Adonis Diaries

Posts Tagged ‘collateral damage

How many women and men are needed to convince you of a rape act?

Rape is not sex.

Men don’t rape women because they need to get laid.

Rape is violence. It’s power and dehumanizing of women.

Many wonder why they (this group of men) raped girls while they could have consensual sex, but that’s not the point. They don’t want vanilla: they want violence. They want to humiliate, inflict pain and violate.

They want to take what they want without permission. Because they can.

We tip the nurse at the birth of the boy double the girl.

We say “go make your brother a cup of tea” and allow him to boss his sister around.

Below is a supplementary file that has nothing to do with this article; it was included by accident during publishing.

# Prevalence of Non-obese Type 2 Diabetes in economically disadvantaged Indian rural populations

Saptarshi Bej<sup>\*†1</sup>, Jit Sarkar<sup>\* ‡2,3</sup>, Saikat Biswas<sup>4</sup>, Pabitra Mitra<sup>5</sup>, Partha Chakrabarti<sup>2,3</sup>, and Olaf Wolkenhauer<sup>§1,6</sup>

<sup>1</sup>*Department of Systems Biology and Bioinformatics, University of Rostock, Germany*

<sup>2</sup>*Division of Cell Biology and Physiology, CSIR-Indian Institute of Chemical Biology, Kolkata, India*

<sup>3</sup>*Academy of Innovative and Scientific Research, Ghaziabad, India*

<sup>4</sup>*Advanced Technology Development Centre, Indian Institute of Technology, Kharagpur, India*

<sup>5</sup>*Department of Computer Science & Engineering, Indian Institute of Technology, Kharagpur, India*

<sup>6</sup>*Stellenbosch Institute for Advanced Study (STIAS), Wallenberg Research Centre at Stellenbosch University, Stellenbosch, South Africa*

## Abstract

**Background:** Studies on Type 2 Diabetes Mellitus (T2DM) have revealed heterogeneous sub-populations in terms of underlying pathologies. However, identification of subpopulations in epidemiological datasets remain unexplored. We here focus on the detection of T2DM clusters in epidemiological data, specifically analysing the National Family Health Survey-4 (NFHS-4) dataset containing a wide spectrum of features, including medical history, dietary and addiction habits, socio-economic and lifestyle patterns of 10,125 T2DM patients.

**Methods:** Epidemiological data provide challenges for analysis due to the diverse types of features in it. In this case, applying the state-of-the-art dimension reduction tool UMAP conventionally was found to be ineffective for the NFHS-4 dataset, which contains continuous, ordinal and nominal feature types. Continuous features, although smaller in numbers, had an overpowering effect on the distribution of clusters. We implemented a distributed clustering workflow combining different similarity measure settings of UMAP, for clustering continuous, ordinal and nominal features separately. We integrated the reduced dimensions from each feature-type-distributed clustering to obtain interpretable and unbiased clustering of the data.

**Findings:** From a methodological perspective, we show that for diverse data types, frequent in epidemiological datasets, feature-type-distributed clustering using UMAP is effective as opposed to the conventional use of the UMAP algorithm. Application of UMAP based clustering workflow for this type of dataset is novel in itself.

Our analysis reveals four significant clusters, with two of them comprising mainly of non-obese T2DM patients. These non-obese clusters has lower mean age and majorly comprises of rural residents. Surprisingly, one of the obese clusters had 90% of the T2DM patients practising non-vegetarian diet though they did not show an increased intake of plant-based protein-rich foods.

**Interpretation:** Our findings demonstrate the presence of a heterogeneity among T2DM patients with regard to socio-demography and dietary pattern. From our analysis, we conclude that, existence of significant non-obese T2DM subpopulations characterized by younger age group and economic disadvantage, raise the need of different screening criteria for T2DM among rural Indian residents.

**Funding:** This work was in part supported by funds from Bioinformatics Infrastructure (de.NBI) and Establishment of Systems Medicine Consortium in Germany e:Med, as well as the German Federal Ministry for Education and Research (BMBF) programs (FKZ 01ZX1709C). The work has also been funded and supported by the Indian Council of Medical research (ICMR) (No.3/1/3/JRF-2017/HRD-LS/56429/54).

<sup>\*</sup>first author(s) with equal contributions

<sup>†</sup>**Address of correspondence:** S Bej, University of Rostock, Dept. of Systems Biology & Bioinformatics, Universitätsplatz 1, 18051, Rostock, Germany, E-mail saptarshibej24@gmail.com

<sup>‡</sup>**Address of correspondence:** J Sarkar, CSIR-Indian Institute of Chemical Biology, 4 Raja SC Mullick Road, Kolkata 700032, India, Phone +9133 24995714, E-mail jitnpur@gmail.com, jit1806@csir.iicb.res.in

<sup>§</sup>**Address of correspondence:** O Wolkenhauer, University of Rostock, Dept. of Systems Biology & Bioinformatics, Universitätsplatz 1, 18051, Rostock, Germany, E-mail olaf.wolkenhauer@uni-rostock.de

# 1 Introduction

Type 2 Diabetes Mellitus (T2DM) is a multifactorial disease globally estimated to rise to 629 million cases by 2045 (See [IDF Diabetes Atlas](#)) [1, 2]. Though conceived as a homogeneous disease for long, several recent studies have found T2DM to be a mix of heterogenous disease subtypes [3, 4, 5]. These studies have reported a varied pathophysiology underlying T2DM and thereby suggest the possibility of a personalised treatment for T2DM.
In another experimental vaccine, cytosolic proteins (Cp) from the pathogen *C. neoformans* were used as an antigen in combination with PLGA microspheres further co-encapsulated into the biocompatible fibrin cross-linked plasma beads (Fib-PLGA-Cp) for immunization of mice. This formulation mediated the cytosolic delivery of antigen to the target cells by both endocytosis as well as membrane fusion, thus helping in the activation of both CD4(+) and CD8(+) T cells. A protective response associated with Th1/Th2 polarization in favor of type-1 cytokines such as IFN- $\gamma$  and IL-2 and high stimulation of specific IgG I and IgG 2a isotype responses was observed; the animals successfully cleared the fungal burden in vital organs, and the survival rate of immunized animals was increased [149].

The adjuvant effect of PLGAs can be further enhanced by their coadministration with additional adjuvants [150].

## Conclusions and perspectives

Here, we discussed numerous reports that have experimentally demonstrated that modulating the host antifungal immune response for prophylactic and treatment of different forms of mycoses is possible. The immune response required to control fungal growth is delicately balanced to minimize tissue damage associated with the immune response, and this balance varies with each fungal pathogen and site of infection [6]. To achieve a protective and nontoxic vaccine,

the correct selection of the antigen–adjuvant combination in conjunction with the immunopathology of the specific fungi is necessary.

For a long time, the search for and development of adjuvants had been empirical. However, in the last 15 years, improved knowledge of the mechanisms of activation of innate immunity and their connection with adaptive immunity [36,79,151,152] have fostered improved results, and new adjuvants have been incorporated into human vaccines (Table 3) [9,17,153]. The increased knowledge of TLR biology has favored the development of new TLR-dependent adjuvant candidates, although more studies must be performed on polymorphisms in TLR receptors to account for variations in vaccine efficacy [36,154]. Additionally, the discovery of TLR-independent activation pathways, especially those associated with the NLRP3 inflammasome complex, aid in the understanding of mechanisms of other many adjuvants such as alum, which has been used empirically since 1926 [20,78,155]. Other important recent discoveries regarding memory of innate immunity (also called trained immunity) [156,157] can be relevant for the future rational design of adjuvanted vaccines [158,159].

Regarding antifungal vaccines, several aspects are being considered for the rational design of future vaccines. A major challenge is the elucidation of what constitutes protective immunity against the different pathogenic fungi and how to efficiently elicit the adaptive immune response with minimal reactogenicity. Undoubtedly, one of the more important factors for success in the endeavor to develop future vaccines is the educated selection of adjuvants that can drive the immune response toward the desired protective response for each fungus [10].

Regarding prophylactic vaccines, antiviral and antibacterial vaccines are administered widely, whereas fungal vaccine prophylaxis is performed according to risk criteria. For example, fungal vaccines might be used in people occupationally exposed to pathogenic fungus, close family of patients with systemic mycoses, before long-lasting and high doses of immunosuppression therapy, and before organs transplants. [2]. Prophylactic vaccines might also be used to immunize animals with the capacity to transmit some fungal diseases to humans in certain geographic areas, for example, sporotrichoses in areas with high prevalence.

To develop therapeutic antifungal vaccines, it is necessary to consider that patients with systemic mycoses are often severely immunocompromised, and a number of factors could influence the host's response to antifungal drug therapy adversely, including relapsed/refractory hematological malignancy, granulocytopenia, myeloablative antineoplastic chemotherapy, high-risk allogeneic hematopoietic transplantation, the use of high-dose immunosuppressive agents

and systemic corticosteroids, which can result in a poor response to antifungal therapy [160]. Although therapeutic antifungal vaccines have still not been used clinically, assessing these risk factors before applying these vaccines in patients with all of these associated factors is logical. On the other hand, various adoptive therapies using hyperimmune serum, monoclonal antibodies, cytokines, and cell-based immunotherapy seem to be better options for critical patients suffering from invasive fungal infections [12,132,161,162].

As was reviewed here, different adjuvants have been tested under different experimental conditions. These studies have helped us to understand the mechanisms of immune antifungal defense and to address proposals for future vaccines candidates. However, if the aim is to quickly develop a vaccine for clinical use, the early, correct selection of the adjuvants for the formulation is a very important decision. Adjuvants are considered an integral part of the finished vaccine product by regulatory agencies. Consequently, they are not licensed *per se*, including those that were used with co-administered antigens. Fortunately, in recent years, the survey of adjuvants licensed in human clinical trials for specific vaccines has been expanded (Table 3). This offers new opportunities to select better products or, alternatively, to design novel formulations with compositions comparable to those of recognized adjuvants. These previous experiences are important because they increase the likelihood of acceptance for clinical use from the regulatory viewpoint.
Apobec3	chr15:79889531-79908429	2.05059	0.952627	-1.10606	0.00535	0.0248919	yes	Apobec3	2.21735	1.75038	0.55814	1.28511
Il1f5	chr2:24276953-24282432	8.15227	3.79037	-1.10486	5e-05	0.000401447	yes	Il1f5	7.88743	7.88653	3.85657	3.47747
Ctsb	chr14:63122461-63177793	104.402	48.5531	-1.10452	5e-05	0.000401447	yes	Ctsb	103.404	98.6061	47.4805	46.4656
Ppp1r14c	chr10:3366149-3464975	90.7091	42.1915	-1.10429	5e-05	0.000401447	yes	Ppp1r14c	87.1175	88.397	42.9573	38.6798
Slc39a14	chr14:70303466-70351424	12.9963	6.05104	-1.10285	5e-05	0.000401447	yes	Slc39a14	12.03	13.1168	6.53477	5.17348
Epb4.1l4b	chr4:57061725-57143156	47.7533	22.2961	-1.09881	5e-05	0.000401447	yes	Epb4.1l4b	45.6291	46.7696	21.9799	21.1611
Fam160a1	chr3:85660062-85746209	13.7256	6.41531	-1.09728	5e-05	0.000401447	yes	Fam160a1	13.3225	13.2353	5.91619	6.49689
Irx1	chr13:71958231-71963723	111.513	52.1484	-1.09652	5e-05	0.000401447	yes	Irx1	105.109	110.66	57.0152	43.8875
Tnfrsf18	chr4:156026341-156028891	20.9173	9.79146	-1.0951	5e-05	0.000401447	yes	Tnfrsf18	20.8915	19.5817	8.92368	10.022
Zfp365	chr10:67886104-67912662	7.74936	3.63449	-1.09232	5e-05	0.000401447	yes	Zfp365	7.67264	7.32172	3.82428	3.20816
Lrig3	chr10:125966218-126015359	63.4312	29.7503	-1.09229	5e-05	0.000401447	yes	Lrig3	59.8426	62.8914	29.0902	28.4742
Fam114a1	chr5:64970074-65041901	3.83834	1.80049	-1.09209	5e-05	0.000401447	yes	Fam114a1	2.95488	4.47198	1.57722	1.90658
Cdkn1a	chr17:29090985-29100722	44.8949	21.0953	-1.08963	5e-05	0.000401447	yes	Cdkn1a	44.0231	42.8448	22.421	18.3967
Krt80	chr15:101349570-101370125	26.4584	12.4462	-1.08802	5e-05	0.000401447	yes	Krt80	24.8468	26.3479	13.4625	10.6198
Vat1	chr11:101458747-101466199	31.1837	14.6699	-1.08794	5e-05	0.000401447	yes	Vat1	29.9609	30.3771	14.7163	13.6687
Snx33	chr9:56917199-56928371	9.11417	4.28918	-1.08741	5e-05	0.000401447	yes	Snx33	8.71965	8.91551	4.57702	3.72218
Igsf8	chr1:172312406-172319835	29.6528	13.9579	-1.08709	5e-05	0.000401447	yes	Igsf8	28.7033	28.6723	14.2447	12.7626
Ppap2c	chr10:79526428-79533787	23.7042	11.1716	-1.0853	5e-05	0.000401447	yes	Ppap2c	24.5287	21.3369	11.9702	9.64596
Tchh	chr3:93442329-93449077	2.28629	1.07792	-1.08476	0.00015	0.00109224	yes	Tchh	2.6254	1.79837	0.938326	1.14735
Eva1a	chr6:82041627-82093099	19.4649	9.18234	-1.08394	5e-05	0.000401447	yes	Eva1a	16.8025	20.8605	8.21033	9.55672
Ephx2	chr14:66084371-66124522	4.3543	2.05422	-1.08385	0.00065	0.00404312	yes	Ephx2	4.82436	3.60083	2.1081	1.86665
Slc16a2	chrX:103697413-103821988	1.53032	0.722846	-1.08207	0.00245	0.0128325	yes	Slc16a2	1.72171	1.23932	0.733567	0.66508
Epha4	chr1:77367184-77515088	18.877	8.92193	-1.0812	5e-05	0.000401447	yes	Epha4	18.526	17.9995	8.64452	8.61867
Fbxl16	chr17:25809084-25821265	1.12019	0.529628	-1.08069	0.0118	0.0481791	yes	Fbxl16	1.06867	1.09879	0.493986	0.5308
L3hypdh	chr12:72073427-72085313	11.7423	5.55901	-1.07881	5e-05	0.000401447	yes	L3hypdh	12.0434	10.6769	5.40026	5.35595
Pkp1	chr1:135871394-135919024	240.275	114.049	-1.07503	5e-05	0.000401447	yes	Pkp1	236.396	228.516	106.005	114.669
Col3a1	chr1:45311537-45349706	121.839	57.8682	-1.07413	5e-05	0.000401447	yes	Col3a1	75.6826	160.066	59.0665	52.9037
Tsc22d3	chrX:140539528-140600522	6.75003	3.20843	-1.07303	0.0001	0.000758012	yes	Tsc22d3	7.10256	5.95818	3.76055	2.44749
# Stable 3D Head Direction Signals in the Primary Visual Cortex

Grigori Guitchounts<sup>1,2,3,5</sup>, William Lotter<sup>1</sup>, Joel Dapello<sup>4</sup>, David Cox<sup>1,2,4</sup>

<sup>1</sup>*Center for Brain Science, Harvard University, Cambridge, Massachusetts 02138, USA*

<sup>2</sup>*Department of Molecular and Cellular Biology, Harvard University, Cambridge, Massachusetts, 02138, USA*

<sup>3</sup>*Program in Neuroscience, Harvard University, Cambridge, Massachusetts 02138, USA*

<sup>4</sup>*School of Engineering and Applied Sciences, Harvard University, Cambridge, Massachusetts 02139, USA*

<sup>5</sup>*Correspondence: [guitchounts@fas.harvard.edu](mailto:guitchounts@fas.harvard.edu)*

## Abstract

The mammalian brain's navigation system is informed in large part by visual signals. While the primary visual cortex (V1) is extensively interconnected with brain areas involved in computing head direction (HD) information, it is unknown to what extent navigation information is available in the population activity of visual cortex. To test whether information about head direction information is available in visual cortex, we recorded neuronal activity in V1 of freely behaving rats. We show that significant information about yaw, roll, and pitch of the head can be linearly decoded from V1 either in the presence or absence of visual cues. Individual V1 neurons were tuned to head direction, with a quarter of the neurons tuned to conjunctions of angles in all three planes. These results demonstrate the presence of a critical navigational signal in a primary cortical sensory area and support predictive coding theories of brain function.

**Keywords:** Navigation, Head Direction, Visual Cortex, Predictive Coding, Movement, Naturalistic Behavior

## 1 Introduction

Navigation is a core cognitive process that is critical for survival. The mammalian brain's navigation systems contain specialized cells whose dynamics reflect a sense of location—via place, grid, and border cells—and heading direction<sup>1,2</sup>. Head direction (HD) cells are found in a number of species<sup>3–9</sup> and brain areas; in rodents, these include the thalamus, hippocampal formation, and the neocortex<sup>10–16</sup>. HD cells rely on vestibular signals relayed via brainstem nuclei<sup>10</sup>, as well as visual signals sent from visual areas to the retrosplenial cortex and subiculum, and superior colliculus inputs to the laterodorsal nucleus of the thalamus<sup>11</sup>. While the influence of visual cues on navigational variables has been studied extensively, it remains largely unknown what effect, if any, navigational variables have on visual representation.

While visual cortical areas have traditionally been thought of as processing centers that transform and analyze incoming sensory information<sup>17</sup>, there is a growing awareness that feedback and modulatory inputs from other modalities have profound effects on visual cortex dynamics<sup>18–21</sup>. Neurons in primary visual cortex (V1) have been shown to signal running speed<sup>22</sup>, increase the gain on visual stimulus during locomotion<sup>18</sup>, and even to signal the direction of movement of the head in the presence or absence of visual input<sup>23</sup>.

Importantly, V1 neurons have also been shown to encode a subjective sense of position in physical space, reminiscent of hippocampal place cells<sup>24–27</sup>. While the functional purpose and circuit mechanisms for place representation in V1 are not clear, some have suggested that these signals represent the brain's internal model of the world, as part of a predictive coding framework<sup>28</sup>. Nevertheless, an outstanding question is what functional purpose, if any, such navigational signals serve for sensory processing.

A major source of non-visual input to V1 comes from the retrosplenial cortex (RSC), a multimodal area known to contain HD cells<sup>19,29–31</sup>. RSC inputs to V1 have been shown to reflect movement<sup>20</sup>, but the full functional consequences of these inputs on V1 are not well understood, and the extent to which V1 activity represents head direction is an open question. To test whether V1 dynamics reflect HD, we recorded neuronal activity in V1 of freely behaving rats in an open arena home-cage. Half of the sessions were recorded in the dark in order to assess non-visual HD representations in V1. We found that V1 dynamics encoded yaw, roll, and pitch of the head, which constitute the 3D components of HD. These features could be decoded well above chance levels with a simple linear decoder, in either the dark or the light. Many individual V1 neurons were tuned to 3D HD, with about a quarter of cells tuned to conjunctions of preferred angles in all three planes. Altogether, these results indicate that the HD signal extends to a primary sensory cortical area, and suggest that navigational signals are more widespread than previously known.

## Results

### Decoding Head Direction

We raise our boys to do as they please. To pee in the street because “they can’t hold it”.

To sleep in and get breakfast to his bed instead of helping at home.

We praise his “masculinity” with the amounts of hearts he has broken because “boys will be boys”.

We forgive his fling with the neighbor’s girl because he is a boy while we beat the girl in submission, all her life.

We laugh at the stolen kisses in the staircase priding our “boy has grown” while we curse the girl who gave in.

But she is not ours so we don’t care. She is collateral damage.

We teach him that the girl he touched must be a slut, a sinner and if she has done it with you she must have done it with others.

We tell “our boy” not to cry or show kindness because a real man is tough and angry. We poison him with toxic thoughts and connect his masculinity to the level of hate and control he develops towards women.

We don’t tell him about consent.

When he has an urge it must be stilled. He can’t otherwise because “all men are like that, they are hunters by nature”.

We teach him that sex is something he does to women for his own pleasure only. We call them boys whereas they should be men.